Artifact Corner: Episode 19

Hi Everyone and welcome back to artifact corner. Today we will be looking at some stereoscopes or stereoscopic photography. This stereoscope was taken in front of our house in 1864, at the time of William Swetland’s funeral. You can see our beautiful fence in the foreground, along with the family gathering for the funeral. The attire really helps to date this card. The women’s full skirts are very indicative of the earlier part of the 1860’s, because by 1868, 1869 skirt silhouettes were starting to slim down.

Stereoscopic photography was invented by Sir Charles Wheatstone in 1832. He developed the binocular device that allowed you to view these images, making them three dimensional. The viewer allows each eye to see the image separately which creates the three dimensional effect. Stereoscopic photography really hit it’s hay day in the mid 1800’s. In 1856, the London Stereoscopic Company began sending photographers around the world to create cards for over 100,000 different places around the world.

Most middle and upper class homes had a stereoscopic viewer and began collecting cards. This is basically the “virtual reality” of the 1800’s. Some people found that the original viewers were causing headaches. In 1861, Oliver Wendell Holmes and Joseph Bates invited a hand held viewer that allowed the user to adjust the focal distance, thereby avoiding headaches. People flocked to buy this less expensive version of the viewer. In 1873 there was a financial crash that caused many companies to go out of business, leading many stereo card makers to shutter their doors as well. Thanks to this, the popularity of the cards and viewers declined.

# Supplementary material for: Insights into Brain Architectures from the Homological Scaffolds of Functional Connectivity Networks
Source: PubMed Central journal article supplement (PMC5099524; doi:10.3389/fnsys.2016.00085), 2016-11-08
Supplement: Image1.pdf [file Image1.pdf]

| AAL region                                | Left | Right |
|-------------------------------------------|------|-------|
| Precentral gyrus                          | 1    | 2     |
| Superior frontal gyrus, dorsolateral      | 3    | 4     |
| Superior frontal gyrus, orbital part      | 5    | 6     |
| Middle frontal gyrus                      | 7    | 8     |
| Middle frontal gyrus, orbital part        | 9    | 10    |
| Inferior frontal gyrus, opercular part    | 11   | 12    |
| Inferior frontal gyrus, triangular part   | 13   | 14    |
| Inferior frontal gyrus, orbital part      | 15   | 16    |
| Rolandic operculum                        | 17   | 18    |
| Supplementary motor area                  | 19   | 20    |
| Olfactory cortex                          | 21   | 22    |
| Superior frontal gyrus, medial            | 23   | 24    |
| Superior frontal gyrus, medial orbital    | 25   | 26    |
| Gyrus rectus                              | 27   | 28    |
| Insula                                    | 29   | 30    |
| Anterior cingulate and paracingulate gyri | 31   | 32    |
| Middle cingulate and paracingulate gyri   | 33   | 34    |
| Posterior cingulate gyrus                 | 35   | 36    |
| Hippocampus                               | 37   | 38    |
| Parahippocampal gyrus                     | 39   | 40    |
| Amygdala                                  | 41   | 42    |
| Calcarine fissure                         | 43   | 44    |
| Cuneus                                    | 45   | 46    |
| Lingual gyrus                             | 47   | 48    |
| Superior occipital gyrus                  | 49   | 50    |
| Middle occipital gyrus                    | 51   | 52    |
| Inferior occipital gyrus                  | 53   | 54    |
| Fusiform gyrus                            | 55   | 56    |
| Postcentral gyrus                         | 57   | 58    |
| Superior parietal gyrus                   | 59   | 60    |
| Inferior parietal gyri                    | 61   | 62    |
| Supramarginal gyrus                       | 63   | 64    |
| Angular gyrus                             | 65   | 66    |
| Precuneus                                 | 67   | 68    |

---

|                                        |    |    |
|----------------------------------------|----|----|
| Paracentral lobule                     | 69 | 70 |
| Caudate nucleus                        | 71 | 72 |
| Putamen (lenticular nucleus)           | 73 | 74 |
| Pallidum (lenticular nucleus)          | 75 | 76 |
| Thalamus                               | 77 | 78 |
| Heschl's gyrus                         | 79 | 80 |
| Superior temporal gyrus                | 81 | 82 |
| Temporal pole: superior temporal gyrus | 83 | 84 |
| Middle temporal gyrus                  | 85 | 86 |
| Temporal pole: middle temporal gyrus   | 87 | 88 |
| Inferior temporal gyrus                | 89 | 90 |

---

As with all things, stereoscopic photography is having a bit of a resurgence. In 1922 The London Stereoscopic Company was dissolved. In 2008, Brian May (the guitarist for the band Queen) decided to form a modern day version of The London Stereoscopic Company. They have to this day published nine books of stereoscopic pictures. Some were taken by photographers from the 1850’s and 60’s, while other have been taken by Dr. May himself. He has been a fan of stereoscopic photography from childhood, and has been taking stereoscopic photos for most of his life. They have also created a new viewer that can be stored flat, and with the books, making it easy to store on bookshelves.

We at the museum have hundreds of these cards. Our family clearly appreciated the entertainment and novelty of stereoscopic photography. Imagine how fascinating it would be to see images of far away places in 3D, especially when photography was still so new, and drawings or portraits had previously been the only way to see distant lands. We hope you enjoyed this glimpse into Victorian entertainment. Thanks so much for stopping by.

Music: Acoustic Breeze by Benjamin Tissot,